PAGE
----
Saturday

Identity and Authentication Credentials - Cookies

One of the big issues that every web site encounters is how to authenticate and identify it's users.  In the physical world there are lots of straight forward options for doing this - you might have a security pass at your place of work or you may use a library card to borrow books against your name.  

In these situations it's the physical credential that is important, you are allowed to borrow books based on the possession of a library card.  You can walk passed the security desk because you're wearing a security pass or badge. 

But how does this work in the digital world ?  

Well it's actually very similar but obviously the credentials can't be in a physical form.  The premise is the same - the credentials are presented, if these are authenticated then the owner is allowed access.  Online authentication systems require the same sort of credentials as are used in the real world - i.e they need to possess one of the following requirements:
  • Something you know
  • Something you have
  • Something you are 
  • A combination of the above
These are known as authentication factors and the more a system has then the higher the level of security.  In security terms you'll hear expressions like Two factor authentication - such as an ATM machine.  To get your cash you need a bank card (something you have) and a PIN code(something you know) in order to withdraw cash.

One of the most common authentication credentials used online is of course the cookie.  Most people of course will have heard of these but it's often overlooked the huge power of this particular identity credential.


So what exactly is a cookie ?  Well it's defined in the Hackers Dictionary as a handle, transaction ID, or other token of agreement between cooperating systems. 

It's just like the ticket you are given by the cobbler when you leave your shoes to be mended.  The ticket is only useful for one thing - for you to retrieve your shoes after they've been mended.  It's just like a cookie - a record of a specific visit or transaction.

Online these cookies are exchanged between browsers (like Firefox or IE) and the web servers that people actually visit.  Linking together transactions and people in the digital world just like the ticket for your shoe repairs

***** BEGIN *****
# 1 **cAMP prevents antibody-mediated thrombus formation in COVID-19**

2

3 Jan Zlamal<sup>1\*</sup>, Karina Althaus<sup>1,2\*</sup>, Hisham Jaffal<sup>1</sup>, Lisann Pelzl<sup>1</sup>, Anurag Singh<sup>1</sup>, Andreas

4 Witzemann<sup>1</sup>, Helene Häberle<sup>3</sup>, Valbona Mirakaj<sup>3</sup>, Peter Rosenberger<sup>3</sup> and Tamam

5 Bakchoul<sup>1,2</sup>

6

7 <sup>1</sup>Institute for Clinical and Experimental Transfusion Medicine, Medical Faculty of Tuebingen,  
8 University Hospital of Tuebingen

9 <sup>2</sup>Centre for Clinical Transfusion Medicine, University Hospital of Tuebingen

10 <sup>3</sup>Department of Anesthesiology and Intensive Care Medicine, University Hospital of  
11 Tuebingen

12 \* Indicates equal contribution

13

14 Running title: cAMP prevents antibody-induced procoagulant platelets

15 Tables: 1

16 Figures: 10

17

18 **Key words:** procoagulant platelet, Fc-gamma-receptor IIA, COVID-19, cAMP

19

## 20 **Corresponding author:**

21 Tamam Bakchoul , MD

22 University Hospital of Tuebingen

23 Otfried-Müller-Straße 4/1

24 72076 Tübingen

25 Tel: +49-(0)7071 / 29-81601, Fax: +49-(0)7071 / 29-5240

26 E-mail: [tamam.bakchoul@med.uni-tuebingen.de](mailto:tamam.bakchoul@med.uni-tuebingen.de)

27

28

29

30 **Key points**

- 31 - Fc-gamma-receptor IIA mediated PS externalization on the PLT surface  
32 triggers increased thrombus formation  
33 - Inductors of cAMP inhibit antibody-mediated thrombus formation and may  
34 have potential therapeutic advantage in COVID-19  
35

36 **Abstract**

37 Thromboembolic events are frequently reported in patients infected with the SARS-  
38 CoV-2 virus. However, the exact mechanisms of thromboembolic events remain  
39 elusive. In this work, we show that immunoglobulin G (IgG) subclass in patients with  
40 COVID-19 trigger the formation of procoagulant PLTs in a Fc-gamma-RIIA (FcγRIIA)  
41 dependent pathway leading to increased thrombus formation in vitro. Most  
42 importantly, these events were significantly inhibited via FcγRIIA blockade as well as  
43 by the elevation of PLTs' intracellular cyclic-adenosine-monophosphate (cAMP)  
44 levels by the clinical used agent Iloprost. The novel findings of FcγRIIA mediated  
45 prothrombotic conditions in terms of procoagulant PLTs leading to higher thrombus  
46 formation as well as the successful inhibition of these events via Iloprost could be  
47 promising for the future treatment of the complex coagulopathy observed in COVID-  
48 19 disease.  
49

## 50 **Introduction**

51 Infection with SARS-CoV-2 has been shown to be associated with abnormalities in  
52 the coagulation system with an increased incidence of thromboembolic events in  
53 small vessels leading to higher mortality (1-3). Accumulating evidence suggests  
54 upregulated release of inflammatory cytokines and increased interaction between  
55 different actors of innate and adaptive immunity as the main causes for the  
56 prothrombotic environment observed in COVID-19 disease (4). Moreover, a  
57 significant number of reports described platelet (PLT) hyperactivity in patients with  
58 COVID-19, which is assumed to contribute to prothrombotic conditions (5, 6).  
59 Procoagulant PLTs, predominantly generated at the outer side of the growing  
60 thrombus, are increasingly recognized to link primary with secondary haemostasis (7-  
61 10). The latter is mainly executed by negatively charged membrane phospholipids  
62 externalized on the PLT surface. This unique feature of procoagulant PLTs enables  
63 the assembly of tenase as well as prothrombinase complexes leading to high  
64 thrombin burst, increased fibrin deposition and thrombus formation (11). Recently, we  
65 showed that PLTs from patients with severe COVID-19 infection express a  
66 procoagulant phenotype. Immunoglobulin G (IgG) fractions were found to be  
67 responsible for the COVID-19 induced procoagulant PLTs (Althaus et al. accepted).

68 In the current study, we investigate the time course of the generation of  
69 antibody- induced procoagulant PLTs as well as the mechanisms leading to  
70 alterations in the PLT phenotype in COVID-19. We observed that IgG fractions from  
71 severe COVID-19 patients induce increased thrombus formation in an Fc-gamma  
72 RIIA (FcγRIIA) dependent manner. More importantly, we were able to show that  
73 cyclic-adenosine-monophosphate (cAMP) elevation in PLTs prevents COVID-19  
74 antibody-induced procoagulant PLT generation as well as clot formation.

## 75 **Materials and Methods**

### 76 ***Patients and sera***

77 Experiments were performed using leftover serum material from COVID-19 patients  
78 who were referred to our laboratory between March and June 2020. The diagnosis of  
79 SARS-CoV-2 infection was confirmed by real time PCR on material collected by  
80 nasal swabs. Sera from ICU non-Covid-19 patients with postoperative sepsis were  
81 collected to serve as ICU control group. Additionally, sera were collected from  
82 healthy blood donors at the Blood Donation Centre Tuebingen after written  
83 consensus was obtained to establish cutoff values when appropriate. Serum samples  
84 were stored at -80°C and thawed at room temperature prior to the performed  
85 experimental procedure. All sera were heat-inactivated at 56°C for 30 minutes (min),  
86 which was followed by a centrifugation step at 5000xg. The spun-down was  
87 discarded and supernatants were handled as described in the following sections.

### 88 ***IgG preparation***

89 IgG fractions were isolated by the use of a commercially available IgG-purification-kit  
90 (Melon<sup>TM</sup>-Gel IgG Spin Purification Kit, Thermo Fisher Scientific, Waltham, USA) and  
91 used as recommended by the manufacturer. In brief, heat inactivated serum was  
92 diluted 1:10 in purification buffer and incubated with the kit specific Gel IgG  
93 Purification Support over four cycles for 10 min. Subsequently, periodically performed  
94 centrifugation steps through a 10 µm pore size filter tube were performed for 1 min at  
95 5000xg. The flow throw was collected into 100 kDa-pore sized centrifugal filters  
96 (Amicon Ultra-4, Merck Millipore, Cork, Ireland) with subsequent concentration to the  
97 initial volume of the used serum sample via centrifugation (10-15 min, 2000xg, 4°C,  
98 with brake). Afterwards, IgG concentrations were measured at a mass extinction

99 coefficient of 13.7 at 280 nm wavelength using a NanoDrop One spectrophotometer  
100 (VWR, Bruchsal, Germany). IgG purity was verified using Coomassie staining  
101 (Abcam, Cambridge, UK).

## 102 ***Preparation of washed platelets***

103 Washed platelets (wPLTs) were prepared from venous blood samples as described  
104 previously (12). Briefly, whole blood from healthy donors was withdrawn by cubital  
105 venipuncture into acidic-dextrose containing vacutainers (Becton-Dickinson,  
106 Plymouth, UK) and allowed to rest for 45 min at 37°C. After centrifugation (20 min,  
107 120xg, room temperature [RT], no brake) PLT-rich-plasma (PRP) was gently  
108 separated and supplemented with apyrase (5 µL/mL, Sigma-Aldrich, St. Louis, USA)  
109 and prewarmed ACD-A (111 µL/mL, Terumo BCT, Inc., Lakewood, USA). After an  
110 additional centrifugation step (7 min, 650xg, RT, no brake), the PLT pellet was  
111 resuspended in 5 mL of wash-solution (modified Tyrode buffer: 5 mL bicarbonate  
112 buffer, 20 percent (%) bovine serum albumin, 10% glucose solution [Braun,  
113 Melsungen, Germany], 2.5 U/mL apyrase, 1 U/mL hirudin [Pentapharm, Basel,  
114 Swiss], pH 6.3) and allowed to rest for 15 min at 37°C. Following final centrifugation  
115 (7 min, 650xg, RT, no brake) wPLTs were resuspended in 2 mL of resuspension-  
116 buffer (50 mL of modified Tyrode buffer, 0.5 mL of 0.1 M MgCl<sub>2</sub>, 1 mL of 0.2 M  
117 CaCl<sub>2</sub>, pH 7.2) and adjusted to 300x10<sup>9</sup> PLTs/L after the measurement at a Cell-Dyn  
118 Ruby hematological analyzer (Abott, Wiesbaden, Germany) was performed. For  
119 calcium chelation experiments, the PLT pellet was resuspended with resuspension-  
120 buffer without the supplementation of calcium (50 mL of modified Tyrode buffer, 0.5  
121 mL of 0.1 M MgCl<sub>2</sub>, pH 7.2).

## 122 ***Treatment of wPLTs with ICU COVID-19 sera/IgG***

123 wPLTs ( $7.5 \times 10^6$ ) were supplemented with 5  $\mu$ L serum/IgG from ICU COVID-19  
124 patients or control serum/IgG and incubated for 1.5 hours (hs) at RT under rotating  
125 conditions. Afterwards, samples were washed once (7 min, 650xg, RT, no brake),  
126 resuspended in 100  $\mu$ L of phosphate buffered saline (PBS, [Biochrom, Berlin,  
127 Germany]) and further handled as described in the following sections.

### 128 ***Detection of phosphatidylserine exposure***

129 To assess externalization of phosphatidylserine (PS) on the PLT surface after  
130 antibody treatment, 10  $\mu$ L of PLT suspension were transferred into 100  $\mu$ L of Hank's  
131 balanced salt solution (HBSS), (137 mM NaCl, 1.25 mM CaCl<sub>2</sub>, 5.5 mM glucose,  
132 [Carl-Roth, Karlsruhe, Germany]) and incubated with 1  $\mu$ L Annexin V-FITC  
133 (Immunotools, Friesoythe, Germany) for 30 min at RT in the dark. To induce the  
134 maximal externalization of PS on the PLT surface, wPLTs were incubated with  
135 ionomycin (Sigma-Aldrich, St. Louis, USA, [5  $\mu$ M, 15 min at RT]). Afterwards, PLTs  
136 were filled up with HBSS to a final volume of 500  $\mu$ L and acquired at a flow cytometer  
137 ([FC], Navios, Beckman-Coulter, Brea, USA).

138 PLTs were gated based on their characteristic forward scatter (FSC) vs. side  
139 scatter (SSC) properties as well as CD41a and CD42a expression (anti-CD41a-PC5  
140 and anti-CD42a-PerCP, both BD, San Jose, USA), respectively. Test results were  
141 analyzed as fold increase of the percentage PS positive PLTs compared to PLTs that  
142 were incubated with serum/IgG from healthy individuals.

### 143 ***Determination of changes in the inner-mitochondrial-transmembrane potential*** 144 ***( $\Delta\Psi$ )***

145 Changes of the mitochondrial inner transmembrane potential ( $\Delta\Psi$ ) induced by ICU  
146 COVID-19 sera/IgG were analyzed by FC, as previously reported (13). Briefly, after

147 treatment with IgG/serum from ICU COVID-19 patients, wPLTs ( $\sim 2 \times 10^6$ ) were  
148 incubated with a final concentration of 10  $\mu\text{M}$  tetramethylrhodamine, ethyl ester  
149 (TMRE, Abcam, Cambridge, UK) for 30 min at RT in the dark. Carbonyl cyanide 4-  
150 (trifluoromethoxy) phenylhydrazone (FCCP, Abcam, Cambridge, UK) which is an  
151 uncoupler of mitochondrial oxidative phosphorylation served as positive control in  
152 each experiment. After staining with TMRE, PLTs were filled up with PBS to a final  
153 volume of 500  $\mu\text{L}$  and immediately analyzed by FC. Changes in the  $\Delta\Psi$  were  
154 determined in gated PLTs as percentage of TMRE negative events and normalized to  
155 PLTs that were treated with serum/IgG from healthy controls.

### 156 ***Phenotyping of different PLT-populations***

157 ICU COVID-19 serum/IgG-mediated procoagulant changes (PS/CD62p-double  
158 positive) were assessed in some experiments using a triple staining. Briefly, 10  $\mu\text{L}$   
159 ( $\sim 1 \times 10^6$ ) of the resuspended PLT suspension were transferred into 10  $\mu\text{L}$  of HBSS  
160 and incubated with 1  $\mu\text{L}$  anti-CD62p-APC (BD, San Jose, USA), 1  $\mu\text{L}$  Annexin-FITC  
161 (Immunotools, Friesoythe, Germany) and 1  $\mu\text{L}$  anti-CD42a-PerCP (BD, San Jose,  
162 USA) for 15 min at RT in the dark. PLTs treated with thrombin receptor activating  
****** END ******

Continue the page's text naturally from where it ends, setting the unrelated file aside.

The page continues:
.
For example say you visit a website called www.surfing.com for the very first time. The owners of this web site want to see who visits their site so have configured their server to pass a cookie to every person who visits.  The cookie is in the form of a little text file which unique information about your visit.   The browser stores the cookie in a file on your computer - this file will be accessed every time you visit that web site again.

So here's the chain of events - 
  • The server asks my browser to store some information for it.
  • The server supplies the information that is to be stored.
  • The browser stores the information in a text file on the computer (chosen by the browser).
  • The cookie doesn't contain any information about me (only my visit)
  • The cookie is a merely information (it can't be run or access anything on the computer)
  • The cookie is supplied back to the web server every time I revisit the site.
If it sounds quite simple, it's because it is. The primary aim is to identify subsequent visits by the same user over time - something that HTTP can't normally do because it is classed as a stateless protocol.

In practice it's used for remembering who you are, filling in online forms, remembering your password or the selections you made on the last visit.  They are designed to make your visit to the site more rewarding and simpler of course if you'd rather be anonymous most browsers can be configured to not accept them.

They can be configured to do a host of other things though in certain circumstances which I will cover in a separate post.  In general they are quite benign though and the chances are you probably have hundreds of cookies sitting on your computer at this very moment!

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